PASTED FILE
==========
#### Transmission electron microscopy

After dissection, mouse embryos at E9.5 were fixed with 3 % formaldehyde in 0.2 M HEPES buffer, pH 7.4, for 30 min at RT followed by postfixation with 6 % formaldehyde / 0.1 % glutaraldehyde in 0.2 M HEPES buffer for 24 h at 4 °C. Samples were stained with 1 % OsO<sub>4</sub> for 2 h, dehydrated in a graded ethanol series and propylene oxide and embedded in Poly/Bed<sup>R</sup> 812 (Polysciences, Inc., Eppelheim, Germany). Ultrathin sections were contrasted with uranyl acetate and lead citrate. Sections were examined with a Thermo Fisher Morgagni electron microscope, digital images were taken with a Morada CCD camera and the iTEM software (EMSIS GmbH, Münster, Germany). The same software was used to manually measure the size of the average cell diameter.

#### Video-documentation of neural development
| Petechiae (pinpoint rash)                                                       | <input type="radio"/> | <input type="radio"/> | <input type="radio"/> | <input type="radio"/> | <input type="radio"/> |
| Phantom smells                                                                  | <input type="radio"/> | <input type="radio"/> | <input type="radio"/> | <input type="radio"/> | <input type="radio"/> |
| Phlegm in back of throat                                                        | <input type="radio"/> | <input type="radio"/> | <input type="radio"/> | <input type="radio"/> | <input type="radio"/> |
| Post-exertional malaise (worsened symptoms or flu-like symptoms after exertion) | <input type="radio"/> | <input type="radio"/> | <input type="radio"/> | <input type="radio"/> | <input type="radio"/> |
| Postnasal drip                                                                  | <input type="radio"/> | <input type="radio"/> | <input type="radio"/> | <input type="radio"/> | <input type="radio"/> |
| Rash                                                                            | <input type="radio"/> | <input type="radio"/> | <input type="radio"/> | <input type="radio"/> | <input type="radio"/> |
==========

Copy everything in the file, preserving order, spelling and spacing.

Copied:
#### Transmission electron microscopy

After dissection, mouse embryos at E9.5 were fixed with 3 % formaldehyde in 0.2 M HEPES buffer, pH 7.4, for 30 min at RT followed by postfixation with 6 % formaldehyde / 0.1 % glutaraldehyde in 0.2 M HEPES buffer for 24 h at 4 °C. Samples were stained with 1 % OsO<sub>4</sub> for 2 h, dehydrated in a graded ethanol series and propylene oxide and embedded in Poly/Bed<sup>R</sup> 812 (Polysciences, Inc., Eppelheim, Germany). Ultrathin sections were contrasted with uranyl acetate and lead citrate. Sections were examined with a Thermo Fisher Morgagni electron microscope, digital images were taken with a Morada CCD camera and the iTEM software (EMSIS GmbH, Münster, Germany). The same software was used to manually measure the size of the average cell diameter.

#### Video-documentation of neural development
| Petechiae (pinpoint rash)                                                       | <input type="radio"/> | <input type="radio"/> | <input type="radio"/> | <input type="radio"/> | <input type="radio"/> |
| Phantom smells                                                                  | <input type="radio"/> | <input type="radio"/> | <input type="radio"/> | <input type="radio"/> | <input type="radio"/> |
| Phlegm in back of throat                                                        | <input type="radio"/> | <input type="radio"/> | <input type="radio"/> | <input type="radio"/> | <input type="radio"/> |
| Post-exertional malaise (worsened symptoms or flu-like symptoms after exertion) | <input type="radio"/> | <input type="radio"/> | <input type="radio"/> | <input type="radio"/> | <input type="radio"/> |
| Postnasal drip                                                                  | <input type="radio"/> | <input type="radio"/> | <input type="radio"/> | <input type="radio"/> | <input type="radio"/> |
| Rash                                                                            | <input type="radio"/> | <input type="radio"/> | <input type="radio"/> | <input type="radio"/> | <input type="radio"/> |